Les Onze Mille Verges

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Les Onze Mille Verges ou les Amours d'un hospodar is a pornographic novel by French author Guillaume Apollinaire, published in 1907 over his initials "G.A.". The title contains a play on the Catholic veneration of the "Eleven thousand Virgins" (French: les onze mille vierges), the martyred companions of Saint Ursula, replacing the word vierge (virgin) with verge (rod) due to a slip of the tongue by the protagonist and as an omen of his fate. The use of the word verge may also be considered as a pun for it is used as a vulgarism for the male member.

Literary background[edit]

Les Onze Mille Verges draws on the work of earlier erotic writers, including the Marquis De Sade, Rétif de la Bretonne, André Robert de Nerciat and Pietro Aretino.[1]

Theme[edit]

Les Onze Mille Verges tells the fictional story of the Romanian hospodar Prince Vibescu Mony, in which Apollinaire explores all aspects of sexuality: sadism alternates with masochism; ondinism / scatophilia with vampirism; pedophilia with gerontophilia; masturbation with group sex; lesbianism with homosexuality. The writing is alert, fresh and concrete, humour is always present, and the entire novel exudes an "infernal joy"[attribution needed], which finds its apotheosis in the final scene.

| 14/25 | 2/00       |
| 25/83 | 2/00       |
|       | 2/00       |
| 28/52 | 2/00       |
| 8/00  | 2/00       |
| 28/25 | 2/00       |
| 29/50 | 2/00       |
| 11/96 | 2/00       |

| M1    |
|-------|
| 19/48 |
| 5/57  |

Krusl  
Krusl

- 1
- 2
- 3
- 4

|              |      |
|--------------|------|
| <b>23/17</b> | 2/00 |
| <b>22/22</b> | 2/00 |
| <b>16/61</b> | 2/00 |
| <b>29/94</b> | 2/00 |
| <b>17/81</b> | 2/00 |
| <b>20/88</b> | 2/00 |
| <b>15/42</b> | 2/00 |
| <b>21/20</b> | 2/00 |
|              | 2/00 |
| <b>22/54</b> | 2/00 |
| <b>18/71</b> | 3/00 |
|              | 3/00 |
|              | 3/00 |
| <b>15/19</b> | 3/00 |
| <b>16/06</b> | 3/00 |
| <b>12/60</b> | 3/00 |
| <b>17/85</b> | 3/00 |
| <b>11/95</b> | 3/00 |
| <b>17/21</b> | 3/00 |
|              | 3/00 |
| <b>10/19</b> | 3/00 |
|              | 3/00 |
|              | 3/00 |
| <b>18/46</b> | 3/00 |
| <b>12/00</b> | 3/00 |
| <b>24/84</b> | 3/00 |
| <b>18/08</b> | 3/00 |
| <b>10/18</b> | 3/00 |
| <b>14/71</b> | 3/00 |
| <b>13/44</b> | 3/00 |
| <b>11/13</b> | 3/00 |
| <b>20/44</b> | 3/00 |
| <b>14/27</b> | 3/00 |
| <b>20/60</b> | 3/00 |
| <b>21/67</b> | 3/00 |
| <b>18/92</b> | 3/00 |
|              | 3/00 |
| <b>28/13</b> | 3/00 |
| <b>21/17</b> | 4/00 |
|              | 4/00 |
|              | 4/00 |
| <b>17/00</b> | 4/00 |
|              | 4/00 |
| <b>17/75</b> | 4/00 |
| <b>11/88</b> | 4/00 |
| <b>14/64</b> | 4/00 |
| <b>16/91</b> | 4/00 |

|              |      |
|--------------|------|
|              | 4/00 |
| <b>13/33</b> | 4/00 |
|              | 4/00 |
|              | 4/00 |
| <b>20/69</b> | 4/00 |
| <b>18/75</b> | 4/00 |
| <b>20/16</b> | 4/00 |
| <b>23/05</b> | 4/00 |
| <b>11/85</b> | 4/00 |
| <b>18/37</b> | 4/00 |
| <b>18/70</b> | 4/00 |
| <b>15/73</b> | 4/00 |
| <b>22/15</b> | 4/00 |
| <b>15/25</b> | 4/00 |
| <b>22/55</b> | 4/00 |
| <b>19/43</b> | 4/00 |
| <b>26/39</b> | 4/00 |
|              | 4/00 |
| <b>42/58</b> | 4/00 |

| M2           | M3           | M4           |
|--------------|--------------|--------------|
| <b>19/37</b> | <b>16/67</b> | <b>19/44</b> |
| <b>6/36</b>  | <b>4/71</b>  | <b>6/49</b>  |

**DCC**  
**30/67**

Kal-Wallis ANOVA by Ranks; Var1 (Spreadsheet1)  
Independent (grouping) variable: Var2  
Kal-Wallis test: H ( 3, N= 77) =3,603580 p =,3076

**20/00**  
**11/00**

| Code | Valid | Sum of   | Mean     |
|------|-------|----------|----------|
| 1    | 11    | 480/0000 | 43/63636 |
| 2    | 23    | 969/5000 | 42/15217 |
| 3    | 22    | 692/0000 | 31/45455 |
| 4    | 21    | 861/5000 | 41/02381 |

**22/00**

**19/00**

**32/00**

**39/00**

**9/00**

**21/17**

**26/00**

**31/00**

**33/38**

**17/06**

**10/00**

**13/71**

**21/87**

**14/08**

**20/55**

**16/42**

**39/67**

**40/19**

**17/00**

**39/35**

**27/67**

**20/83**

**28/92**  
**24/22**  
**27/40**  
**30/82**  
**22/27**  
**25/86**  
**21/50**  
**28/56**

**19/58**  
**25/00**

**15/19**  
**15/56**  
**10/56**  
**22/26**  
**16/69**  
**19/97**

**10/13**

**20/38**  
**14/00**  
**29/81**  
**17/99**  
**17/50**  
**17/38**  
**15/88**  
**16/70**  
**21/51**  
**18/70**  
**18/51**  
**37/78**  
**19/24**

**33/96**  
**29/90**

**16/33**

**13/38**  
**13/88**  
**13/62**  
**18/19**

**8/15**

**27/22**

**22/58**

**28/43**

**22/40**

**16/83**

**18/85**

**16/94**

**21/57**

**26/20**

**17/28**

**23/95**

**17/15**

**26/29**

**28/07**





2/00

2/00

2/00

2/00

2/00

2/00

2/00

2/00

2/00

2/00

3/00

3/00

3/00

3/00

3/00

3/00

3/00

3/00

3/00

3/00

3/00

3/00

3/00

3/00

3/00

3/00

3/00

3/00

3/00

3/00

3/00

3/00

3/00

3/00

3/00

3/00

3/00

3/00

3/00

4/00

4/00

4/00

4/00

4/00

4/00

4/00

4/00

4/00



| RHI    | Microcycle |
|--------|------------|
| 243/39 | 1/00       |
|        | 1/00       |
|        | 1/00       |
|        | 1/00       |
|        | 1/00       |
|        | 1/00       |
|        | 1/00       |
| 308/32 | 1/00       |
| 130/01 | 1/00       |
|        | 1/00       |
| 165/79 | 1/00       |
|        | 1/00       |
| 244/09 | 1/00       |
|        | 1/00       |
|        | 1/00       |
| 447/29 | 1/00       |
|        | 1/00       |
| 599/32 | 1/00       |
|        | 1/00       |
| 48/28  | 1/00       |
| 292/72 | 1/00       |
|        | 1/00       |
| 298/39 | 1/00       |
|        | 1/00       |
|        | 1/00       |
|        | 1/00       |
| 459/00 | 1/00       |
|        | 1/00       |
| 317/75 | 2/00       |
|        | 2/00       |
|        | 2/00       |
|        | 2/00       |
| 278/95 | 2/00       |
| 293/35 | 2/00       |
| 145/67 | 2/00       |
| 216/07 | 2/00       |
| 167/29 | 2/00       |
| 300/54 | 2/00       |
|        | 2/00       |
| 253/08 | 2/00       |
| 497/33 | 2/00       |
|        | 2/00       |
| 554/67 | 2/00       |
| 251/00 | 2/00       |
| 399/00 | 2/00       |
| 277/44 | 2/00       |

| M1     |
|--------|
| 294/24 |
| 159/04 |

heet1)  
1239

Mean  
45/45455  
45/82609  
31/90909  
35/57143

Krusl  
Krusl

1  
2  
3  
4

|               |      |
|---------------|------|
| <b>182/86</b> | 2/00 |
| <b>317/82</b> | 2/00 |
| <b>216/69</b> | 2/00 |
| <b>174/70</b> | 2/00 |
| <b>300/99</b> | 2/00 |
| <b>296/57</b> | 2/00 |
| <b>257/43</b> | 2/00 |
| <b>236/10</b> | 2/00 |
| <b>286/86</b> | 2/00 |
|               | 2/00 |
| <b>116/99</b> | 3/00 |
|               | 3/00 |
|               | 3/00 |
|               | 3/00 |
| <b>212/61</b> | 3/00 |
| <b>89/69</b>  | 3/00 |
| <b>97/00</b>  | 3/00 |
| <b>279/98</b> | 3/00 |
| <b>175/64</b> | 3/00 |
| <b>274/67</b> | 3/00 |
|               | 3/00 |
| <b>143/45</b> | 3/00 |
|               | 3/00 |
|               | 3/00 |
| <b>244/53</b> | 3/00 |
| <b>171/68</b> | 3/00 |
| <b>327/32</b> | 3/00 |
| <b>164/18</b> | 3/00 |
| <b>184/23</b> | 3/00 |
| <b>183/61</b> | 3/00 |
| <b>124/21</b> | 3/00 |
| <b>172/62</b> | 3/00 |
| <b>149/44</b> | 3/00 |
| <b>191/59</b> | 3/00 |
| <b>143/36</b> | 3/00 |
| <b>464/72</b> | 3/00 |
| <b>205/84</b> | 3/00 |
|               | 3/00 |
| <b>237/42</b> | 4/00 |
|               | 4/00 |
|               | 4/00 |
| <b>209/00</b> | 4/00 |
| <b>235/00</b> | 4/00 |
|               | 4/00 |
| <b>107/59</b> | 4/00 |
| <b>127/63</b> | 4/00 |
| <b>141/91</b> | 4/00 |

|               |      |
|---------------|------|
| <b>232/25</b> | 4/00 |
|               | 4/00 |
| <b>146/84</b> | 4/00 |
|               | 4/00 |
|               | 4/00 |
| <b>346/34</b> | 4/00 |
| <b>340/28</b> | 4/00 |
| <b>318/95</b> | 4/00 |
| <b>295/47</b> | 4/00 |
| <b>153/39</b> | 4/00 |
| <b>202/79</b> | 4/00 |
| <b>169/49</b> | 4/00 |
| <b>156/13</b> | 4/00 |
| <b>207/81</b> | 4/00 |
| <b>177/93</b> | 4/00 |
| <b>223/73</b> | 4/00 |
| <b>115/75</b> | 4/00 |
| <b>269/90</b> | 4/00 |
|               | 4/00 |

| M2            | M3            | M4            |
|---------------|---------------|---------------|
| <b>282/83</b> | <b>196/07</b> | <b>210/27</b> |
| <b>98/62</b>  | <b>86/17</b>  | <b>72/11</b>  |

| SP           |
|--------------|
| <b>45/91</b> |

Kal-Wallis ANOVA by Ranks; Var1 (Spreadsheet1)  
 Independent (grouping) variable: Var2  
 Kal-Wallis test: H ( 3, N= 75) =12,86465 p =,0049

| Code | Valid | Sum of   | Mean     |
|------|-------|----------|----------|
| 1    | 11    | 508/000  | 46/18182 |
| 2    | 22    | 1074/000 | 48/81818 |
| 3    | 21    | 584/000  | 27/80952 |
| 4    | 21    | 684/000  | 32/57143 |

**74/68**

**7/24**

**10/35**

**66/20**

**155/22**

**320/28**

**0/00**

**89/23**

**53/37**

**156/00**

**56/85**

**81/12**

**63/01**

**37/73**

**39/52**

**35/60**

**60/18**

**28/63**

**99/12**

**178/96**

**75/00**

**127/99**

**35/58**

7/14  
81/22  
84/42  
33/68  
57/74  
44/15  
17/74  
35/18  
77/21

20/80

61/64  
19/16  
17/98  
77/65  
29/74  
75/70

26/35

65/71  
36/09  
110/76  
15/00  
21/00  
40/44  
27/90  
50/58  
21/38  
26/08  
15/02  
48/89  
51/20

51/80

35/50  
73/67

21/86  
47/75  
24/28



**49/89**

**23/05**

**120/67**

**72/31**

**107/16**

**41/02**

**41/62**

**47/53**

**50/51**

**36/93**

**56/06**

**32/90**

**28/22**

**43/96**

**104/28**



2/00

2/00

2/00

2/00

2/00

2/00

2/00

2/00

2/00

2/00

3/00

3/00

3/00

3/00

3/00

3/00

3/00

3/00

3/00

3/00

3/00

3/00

Reception[edit]

Admirers of Les Onze Mille Verges included Louis Aragon, Robert Desnos and Pablo Picasso, who dubbed the novel Apollinaire's masterpiece.[1]

Case before the ECHR[edit]

In a case lodged before the European Court of Human Rights by a Turkish publisher of the novel, for his conviction under the Turkish Criminal Code "for publishing obscene or immoral material liable to arouse and exploit sexual desire among the population", followed by the seizure and destruction of all the copies of the book and the fine for the publisher, the Court found that there has been a violation of the Article 10 of the European Convention on Human Rights, protecting the freedom of expression. The Court stated that the work belonged to the "European literary heritage".[2]

In a different case judge Bonello, in his concurring opinion, after citing the description of the book from Wikipedia, described the work as a "smear of transcendental smut".[3]

References and notes[edit]

  1. ^ a b Scott Baker, "Apollinaire, Guillaume" in The Encyclopedia of Erotic Literature, Edited by Gaétan Brulotte and John Philips (pp. 33-40). London : Routledge, 2006, ISBN 978-1-57958-441-2
  2. ^ Akdaş v. Turkey, no. 41056/04, February 16, 2010.
  3. ^ Lautsi and Others v. Italy, no. 30814/06, March 18, 2011, Concurring opinion of judge Bonello, para. 4.1.